City commission discusses Amtrak summit




Around 100 people representing Kansas, Colorado, New Mexico, Amtrak and the National Association of Railroad Passengers attended last Saturday's meeting in Pueblo, Colo., to discuss efforts to save the Southwest Chief rail service.

Garden City Commissioner Janet Doll, who along with her husband, state Rep. John Doll, helped represent Kansas at the meeting, provided a report during Monday's city commission meeting about what went on in Pueblo.

"One thing that was very clear from this meeting is that all three states have to work together. If one state, for whatever reason, can't make it work, then we all lose," Janet Doll said.

Deteriorating track conditions in south-central and southwest Kansas have forced the Southwest Chief, which goes through the state on its run between Chicago and Los Angeles, to slow in Kansas. Amtrak has indicated it will reroute the Southwest Chief when its contract with BNSF Railway expires in 2015 if the line isn't upgraded.

Doll said the line from Newton to Albuquerque, N.M., is in poor shape, causing passenger trains to reduce speed for safety. At a certain point, the speed will drop so low the railroad won't be able to operate it effectively.

There has been talk that Amtrak might move the passenger route south to the transcontinental freight route in Oklahoma, an already busy route that is expected to increase by 30 to 80 trains per day, Doll said.

"Keeping the Southwest Chief where it is or moving the passenger train route to Oklahoma are both costly endeavors," she said. "As a result, there's a chance that Amtrak service from Chicago to Los Angeles may end."

Amtrak is looking to make a decision about the route some time in 2014.

Garden City's Amtrak depot is used frequently, according to Amtrak numbers.

In fiscal year 2012, a total of 7,887 people either boarded or got off the Southwest Chief at Garden City, the third highest passenger numbers of the state's six stations, according to Amtrak's service and ridership numbers provided to the city.

Overall, in fiscal 2012, total Kansas station usage was 49,498, a 3.3 percent increase over 2011. The boarding/alighting numbers for the six Kansas Amtrak stations included: Newton, 14,131; Topeka, 10,459; Garden City, 7,887; Lawrence, 6,608; Hutchinson, 5,239; and Dodge City, 5,174.

Doll said Amtrak has proposed splitting the cost of an estimated $200 million in track repairs five ways between the three states, Amtrak and the Burlington Northern Santa Fe railroad. Each would pay $4 million per year over a 10-year period.

"If we spend $4 million per year, it's a worthwhile investment because Amtrak is reinvesting in our state," Doll said, pointing to numbers indicating Amtrak spent $30 million in goods and services in Kansas in 2012, and $21 million in 2011. The company also paid wages to Kansas workers of $852,000 in 2012 and $930,000 in 2011.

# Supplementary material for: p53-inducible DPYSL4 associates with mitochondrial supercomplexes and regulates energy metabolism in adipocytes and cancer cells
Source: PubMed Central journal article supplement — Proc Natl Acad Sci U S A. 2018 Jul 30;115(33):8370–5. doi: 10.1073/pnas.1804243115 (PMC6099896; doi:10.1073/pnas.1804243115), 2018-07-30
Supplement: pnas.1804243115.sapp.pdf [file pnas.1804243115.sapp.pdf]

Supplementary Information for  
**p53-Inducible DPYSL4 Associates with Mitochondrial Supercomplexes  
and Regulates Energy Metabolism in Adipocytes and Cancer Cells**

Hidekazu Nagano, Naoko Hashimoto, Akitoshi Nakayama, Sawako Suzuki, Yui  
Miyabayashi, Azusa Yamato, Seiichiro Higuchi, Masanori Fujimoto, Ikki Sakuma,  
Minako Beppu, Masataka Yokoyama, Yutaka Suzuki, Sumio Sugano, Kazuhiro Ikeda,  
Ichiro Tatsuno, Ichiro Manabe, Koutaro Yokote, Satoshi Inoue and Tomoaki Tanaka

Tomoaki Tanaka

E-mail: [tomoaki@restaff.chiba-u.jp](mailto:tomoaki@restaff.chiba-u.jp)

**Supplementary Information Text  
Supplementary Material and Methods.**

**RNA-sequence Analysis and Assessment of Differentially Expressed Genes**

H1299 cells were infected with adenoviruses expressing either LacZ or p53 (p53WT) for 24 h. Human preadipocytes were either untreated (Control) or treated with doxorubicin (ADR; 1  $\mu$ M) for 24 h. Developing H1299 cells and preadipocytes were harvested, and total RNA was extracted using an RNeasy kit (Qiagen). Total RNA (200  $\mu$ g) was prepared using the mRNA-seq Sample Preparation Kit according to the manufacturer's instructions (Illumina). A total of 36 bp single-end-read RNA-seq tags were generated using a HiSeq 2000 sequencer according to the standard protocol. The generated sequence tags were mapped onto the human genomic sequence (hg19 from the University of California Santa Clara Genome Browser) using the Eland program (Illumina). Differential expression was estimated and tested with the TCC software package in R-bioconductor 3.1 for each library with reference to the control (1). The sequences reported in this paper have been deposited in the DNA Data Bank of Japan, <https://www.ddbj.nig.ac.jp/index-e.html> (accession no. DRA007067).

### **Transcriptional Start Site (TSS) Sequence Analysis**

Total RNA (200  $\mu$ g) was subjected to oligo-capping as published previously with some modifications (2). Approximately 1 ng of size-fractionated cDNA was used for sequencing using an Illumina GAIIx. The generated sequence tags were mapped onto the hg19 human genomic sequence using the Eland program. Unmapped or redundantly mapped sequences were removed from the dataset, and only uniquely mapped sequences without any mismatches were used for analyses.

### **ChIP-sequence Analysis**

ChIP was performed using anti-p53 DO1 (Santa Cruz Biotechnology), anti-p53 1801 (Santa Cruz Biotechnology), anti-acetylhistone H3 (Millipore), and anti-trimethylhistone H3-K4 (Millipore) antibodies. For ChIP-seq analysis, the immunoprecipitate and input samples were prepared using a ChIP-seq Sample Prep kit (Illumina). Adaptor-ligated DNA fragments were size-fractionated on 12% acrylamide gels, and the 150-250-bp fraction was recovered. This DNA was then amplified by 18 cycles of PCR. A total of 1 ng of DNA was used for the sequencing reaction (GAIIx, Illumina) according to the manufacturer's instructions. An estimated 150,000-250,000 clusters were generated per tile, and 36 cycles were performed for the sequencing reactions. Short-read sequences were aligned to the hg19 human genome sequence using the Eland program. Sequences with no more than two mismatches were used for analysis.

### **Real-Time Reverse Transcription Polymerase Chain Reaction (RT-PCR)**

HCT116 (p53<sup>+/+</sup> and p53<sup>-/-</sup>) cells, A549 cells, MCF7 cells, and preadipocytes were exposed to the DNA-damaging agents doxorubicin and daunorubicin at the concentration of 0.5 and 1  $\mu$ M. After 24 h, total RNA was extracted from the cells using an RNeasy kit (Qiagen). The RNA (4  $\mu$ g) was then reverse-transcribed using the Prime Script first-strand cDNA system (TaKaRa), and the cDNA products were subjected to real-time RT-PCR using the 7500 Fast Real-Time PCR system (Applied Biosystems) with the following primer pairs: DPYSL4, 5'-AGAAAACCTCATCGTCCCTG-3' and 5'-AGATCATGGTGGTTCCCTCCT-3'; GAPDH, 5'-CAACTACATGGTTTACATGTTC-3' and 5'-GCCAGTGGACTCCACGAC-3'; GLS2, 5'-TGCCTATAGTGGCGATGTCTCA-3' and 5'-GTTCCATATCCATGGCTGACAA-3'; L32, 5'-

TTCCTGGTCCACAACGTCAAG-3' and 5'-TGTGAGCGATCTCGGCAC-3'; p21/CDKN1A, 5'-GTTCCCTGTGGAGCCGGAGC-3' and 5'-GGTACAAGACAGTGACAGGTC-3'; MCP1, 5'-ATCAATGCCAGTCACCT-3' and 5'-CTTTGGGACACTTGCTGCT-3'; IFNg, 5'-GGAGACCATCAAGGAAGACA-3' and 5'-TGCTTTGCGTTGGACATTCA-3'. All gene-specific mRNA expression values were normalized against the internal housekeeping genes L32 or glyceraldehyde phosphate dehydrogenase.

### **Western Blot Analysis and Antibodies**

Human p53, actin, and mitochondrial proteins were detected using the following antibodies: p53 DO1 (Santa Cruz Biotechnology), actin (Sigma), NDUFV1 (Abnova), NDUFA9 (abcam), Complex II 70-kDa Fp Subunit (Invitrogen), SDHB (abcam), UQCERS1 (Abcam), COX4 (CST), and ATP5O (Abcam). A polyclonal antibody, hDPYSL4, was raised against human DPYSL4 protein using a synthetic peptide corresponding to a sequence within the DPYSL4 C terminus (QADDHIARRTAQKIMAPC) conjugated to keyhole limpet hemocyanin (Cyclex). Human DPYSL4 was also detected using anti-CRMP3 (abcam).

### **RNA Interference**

Kansas has 244 miles of track. BNSF maintains the track at a minimum level of 30 mph for freight trains, but the track standard for passenger service is to be able to carry trains at 79 mph, Doll said.

Mayor Dan Fankhauser said he noticed a lot of new rail ties being installed along the track near Dodge City and wondered if some improvements already have begun.

Steve Cottrell, city engineer, said the activity is part of the BNSF capital program to preserve the line's ability to maintain freight traffic at 30 mph, not something intended to improve passenger rail speed.

"The rail that's out here is extremely old and basically needs to be replaced with welded rail to be able to provide the speeds necessary for Amtrak. That would also improve freight traffic," Cottrell said. "That retying is just to maintain the status quo."

Cottrell added that with the additional number of trains coming to Garden City to serve various industrial users, along with potential growth in local industry, it's possible track around Garden City will get some attention by the railroad in the future.

In other business Tuesday, the commission approved buying an acre of property at 2321 N. Eighth St. for future park land from Frances Dean Gillan for $105,000, with half to be paid at closing on Oct. 15 and the remainder paid by Jan. 15, 2014.

Randy Grisell, city attorney, said the city was approached by the property owner offering to sell it to the city.

"Years ago, the city inquired as to whether this owner, as well as some other owners, were interested in selling their properties, and we finally got a response," Grisell said.

Currently, a house on the property is being rented and the lease will continue with the current tenant and the city will take over maintenance of the property.

"It's a little different role for the city, but I don't think the future plans are to maintain a house there," Grisell said.

Alan Geier, parks superintendent, said at some point in the future the property will be turned into a park. Another park, Finnup Scout Park, is located on the south end of the block.

"This is a future prospect. If it did not eventually turn into park land, it can be broken up into four lots. But we fully intend for this to eventually become park land," Geier said.

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